Imbalances in neurotransmitters, such as serotonin, have been studied in those suffering from SAD. Therefore, light exposure is a common treatment used to correct these imbalances. 

A lightbox, therefore, can be a great addition to your SAD toolbox to increase your exposure to light via artificial light. This can be incredibly beneficial during the fall and winter months when the sun sets quite early. 

To increase its effectiveness for SAD, Look for a lightbox that reaches 10,000 lux and use for about 20 minutes each day. It is recommended to talk with your health care practitioner before attempting light therapy. 


We all know that exercise is good for us, but it has proven to be a particularly powerful way to fight depression and boost mental health. Exercise has been shown to benefit mental health by increasing feel-good chemicals and endorphins in the brain such as serotonin. 

Any exercise may benefit however, combining aerobic exercise in the outdoors may be one of the most beneficial exercises for improving mental health and SAD (9)


Cognitive Behavioral Therapy 

Any form of counseling can provide tremendous support and relief to an individual suffering from SAD or depression.

CBT, in particular, is a type of psychotherapy that involves various techniques to ultimately change a person's thoughts, emotions, and behaviors to become more positive and solution-oriented. 

It has been shown to outperform light therapy when it comes to long term treatment of SAD and reducing the risk of relapse (10)


Take advantage of sunny days during the wintertime to get some natural sunlight exposure. Not only will this help energize you but it also supports mood. 

Grounding is another practice that can support mental health and anyone can do it. Grounding is the process of reconnecting the body to the electrical currents of the earth which have shown to have positive effects on the body, including improved mood (11) (12). Examples of grounding exercises include walking barefoot, hugging a tree, water submersion, and lying on the ground.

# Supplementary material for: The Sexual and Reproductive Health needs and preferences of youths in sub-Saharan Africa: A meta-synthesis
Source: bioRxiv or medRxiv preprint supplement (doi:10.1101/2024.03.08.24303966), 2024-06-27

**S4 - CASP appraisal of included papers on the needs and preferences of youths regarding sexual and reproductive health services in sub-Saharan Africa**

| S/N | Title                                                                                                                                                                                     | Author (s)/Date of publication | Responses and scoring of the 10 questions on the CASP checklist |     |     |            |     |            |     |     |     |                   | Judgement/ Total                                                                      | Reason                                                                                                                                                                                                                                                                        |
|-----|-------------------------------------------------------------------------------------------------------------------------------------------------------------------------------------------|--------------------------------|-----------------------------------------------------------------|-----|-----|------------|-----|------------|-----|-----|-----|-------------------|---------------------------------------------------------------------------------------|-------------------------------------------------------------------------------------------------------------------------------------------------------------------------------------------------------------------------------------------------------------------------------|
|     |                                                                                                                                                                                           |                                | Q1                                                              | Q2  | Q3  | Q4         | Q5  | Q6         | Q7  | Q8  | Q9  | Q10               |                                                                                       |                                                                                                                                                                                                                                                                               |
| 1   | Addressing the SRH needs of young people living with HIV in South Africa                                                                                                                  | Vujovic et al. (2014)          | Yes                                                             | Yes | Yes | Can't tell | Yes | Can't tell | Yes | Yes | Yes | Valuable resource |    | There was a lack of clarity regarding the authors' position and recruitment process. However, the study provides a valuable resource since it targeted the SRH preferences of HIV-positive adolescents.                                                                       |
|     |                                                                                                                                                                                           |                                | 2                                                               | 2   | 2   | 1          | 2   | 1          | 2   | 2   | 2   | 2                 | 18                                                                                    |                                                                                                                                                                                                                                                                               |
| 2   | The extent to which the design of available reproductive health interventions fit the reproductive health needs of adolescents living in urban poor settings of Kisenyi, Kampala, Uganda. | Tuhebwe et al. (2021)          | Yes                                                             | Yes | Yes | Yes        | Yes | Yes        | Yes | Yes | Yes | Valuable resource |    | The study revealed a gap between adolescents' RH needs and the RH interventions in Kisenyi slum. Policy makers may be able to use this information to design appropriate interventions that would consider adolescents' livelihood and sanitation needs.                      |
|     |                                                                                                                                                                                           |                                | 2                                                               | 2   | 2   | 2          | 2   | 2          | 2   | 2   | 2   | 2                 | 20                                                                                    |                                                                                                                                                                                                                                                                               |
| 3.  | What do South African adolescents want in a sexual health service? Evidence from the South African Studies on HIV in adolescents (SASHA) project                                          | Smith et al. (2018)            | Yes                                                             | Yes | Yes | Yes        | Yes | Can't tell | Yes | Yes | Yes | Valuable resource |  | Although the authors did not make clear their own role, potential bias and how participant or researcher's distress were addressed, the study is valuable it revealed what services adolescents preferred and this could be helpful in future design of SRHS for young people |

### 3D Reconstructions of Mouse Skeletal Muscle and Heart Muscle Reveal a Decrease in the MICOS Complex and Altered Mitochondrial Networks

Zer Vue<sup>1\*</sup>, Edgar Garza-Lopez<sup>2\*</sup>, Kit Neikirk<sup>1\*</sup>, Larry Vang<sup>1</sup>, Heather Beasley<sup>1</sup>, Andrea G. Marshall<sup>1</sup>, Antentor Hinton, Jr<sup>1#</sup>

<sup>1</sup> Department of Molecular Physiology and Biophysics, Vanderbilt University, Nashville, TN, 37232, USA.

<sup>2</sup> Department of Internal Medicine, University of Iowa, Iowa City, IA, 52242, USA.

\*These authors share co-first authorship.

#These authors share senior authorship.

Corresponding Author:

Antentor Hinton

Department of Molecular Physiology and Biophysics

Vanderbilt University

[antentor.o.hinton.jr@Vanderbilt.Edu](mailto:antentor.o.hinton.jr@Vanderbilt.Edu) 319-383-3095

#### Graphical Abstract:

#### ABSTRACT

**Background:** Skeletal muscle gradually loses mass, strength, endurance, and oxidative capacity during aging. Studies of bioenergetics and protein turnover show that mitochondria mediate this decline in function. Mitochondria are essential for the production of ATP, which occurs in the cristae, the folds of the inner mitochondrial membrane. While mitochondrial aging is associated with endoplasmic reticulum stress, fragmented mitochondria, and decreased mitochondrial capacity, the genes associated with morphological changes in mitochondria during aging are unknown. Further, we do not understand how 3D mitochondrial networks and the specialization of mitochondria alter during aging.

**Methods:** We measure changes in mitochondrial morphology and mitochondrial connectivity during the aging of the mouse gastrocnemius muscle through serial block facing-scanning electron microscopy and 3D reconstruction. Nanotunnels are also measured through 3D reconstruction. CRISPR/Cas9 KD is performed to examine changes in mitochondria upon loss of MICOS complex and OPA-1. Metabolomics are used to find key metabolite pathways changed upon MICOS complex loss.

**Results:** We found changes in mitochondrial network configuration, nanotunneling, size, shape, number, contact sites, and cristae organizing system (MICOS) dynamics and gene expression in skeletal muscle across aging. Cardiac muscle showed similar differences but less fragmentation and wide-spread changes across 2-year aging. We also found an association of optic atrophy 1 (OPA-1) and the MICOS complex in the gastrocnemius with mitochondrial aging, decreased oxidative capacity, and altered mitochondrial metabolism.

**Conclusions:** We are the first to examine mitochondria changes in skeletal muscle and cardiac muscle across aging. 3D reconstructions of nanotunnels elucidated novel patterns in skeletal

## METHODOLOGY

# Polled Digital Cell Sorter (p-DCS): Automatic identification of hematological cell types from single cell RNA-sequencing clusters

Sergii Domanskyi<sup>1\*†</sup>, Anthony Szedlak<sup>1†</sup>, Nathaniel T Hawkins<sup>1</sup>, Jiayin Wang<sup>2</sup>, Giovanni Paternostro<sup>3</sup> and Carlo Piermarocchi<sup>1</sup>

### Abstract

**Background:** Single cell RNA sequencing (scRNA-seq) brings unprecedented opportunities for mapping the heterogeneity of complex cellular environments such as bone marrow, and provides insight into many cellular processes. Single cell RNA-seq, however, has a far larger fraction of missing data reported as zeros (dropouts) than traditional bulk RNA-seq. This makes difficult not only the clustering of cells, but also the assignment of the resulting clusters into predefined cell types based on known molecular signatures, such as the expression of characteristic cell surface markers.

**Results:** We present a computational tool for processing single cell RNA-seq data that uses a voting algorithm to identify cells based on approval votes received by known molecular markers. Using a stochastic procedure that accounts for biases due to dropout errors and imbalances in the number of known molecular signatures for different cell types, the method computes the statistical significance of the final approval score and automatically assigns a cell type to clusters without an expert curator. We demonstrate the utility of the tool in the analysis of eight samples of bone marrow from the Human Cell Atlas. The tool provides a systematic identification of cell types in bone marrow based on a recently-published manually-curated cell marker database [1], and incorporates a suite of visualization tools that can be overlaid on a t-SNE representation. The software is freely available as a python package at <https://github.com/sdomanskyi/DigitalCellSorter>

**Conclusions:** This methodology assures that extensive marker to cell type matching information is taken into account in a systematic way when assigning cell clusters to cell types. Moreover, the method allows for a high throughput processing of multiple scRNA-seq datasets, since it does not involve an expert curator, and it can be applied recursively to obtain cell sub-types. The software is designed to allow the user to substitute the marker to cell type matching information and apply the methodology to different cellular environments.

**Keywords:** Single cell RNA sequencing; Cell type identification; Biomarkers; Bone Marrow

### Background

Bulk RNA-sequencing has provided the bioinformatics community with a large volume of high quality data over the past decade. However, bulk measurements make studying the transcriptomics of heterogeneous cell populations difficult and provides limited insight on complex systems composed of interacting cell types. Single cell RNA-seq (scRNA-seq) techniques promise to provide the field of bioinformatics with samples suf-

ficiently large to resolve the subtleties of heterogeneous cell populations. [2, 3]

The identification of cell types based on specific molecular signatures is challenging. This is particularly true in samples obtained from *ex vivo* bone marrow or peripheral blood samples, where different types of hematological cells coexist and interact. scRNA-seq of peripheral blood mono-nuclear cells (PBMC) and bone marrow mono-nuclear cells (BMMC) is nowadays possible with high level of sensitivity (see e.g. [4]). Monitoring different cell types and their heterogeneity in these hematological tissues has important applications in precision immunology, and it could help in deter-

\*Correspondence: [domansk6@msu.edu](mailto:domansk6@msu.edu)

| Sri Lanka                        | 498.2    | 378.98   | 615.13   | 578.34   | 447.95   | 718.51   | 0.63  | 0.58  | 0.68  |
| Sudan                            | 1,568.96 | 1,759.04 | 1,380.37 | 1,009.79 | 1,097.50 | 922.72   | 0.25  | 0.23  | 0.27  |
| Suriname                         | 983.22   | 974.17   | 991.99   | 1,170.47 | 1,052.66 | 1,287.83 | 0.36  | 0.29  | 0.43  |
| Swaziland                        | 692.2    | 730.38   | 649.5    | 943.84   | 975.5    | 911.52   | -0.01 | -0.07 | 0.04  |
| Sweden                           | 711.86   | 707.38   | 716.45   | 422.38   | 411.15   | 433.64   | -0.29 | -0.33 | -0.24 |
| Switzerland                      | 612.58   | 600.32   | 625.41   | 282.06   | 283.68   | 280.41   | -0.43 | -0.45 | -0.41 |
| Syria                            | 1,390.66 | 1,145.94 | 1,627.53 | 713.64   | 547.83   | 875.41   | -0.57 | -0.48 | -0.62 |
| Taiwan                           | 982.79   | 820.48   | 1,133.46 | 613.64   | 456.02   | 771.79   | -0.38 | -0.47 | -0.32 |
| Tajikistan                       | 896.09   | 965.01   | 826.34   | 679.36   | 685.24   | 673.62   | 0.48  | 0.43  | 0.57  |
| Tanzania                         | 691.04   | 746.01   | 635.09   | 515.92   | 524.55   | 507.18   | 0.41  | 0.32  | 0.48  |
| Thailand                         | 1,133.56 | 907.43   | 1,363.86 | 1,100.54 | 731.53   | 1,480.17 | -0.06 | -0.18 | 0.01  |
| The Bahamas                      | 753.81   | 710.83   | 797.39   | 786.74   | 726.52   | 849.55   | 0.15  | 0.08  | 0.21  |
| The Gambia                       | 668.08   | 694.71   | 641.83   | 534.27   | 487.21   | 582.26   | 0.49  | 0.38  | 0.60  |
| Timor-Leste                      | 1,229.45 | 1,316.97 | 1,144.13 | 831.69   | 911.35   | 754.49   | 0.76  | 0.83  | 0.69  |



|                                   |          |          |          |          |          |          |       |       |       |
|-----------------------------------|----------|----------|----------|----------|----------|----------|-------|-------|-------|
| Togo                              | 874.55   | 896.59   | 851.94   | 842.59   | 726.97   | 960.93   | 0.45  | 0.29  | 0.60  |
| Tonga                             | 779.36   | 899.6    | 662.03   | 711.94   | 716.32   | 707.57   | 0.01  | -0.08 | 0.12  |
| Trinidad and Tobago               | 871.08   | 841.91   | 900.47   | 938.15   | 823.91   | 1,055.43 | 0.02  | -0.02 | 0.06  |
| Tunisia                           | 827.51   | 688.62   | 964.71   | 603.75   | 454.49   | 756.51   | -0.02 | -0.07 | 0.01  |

Vitamin D

Though challenging, you can get vitamin D from some foods such as cod liver oil, mushrooms, organ meats, milk, eggs, oily fish, and soybeans.

Supplementation is usually recommended, however, testing is always a good idea to verify where your levels are at in order to dose appropriately. Choose vitamin D3 and take with a fat to improve absorption (remember vitamin D is a fat-soluble vitamin) or look for a supplement that contains fat in the formula for optimal absorption. 


What you eat has a big impact on your overall health but also on your mental health.  You may find yourself having increased cravings for sugar and carbs during the winter months and when you feel down in order to provide quick relief and comfort. However, this can actually make you feel worse post-consumption and does more damage in the long run by spiking your blood sugar and raising inflammation.

Instead focus on natural whole foods with lean proteins, healthy fats, and fiber-rich carbohydrates to help naturally curb your cravings, increase energy and satiety, and boost brain health.

Particularly beneficial foods for mood-boosting include oats, fatty fish like wild salmon, organic chicken or turkey, dark chocolate, bananas, and berries. 






 Laurence Annez is a Certified Nutritional Practitioner and Health Coach, specializing in PCOS and women's hormones. She also holds a degree in Creative Writing and has extensive experience writing on health and wellness topics. Laurence's
 mission is to inspire and motivate individuals to take control of their own health and reach their ultimate health goals.


Brain healthHealthHealth tipsHealthy eatingLifestyleMental healthMoodNatural healthNutritionSadSeasonal depressionVitamin dWellness